The Day After Presidential Elections: Usually Not Good for the Market, Part 2

In response to several requests, I've written a part 2 to my earlier commentary on pre- and post-election market behavior. The original piece examined the S&P 500 since the middle of the last century. Now let's take a longer look back at the Dow Jones Industrial Index, which was launched in the spring of 1896, the year William McKinley was elected to his first term as president.

There have been 30 presidential elections during the history of the Dow. The Republican party candidate has been elected 16 times, the Democratic party candidate 14 times. The Dow close prior to the vote count has been positive 73 percent of the time (22 of 30). Positive day-after closes fall to 47 percent (14 of 30).

If we limit the look back to 100 years, excluding the astonishing post-election-day market exuberance from McKinley's first term through Wilson's first term (which averaged a whopping 2.68%), the number of day-after gains drops to 30 percent.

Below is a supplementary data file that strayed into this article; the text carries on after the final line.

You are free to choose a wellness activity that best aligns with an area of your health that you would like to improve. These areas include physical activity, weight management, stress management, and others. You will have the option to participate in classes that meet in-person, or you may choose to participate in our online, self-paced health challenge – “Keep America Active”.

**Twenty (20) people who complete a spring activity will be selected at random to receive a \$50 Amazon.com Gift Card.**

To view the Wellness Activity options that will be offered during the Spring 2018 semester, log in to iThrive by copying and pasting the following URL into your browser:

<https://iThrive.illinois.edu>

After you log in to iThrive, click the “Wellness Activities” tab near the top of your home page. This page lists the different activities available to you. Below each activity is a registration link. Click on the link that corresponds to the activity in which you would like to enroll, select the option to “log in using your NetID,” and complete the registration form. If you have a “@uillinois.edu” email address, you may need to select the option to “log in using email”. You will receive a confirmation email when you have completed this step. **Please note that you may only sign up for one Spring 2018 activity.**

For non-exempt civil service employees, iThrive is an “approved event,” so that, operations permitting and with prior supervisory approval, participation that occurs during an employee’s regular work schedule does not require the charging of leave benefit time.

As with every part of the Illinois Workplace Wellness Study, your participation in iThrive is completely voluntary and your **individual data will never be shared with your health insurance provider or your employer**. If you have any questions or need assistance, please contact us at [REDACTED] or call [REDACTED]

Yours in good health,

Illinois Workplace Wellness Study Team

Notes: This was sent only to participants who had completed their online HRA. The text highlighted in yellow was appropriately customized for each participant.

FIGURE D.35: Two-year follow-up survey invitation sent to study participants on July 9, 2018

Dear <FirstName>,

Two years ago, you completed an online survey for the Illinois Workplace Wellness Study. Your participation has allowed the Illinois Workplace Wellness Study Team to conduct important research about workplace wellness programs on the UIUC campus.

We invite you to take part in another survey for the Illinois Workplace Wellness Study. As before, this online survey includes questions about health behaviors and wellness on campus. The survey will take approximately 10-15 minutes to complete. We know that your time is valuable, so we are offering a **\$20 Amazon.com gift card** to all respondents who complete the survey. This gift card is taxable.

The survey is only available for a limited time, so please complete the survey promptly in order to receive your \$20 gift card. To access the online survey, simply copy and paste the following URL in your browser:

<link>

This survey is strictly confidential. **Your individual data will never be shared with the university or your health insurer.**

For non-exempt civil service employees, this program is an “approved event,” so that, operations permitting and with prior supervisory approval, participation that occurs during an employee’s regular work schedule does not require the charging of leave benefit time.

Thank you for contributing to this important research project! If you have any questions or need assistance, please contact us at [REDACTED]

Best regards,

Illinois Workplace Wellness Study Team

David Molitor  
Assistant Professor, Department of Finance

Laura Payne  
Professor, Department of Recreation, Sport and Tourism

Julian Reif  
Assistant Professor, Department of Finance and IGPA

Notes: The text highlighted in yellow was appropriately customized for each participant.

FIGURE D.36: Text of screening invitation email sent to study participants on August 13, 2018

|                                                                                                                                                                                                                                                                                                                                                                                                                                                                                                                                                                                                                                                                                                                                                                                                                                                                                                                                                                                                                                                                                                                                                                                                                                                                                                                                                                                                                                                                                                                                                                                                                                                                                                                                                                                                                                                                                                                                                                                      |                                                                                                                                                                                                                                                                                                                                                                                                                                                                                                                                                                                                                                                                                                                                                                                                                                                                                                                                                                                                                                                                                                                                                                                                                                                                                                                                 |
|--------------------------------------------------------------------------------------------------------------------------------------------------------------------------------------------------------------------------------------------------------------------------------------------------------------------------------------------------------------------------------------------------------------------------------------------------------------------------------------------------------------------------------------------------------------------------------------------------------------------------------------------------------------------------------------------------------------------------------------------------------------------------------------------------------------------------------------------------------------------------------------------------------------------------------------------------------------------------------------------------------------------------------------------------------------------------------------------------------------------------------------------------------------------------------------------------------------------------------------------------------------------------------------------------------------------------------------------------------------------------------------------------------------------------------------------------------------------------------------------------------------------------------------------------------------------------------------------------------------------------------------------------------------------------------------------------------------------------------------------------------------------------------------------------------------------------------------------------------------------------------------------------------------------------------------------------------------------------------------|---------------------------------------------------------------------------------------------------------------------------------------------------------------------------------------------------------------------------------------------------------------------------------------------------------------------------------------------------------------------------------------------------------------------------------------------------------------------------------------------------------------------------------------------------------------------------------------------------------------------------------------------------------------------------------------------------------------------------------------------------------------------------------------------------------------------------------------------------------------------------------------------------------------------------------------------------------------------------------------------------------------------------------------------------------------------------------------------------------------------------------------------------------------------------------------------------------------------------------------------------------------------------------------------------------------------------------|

We can express the extreme manic-depressive behavior of the Dow at President Obama's first-term victory by subtracting the day-after closing percent from the day-before closing percent. It was a stunning 8.33 percent. Only one former president did worse: By this metric FDR's first term registered 9.46 percent. In distant third place was Harry Truman at 4.63 percent.

Of course the November 2008 face-off between Obama and McCain was a grim time for the markets, taking place just seven weeks after the Lehman Brothers bankruptcy. In fact, the S&P 500 fell another 5.03% on the Thursday after the 2008 election.

Fortunately, the Financial Crisis is behind us, but unfortunately we're fast approaching the Fiscal Cliff.

To paraphrase my observation at the conclusion the S&P 500 commentary: The market will be especially focused on how the lame-duck split Congress addresses the grim politics of the federal budget and the expiration of the Bush tax cuts.

Interestingly enough, the first move appears to be Republican House Speaker John Boehner's gesture of willingness to compromise on revising the tax code (more here). The devil, of course, will be in the details.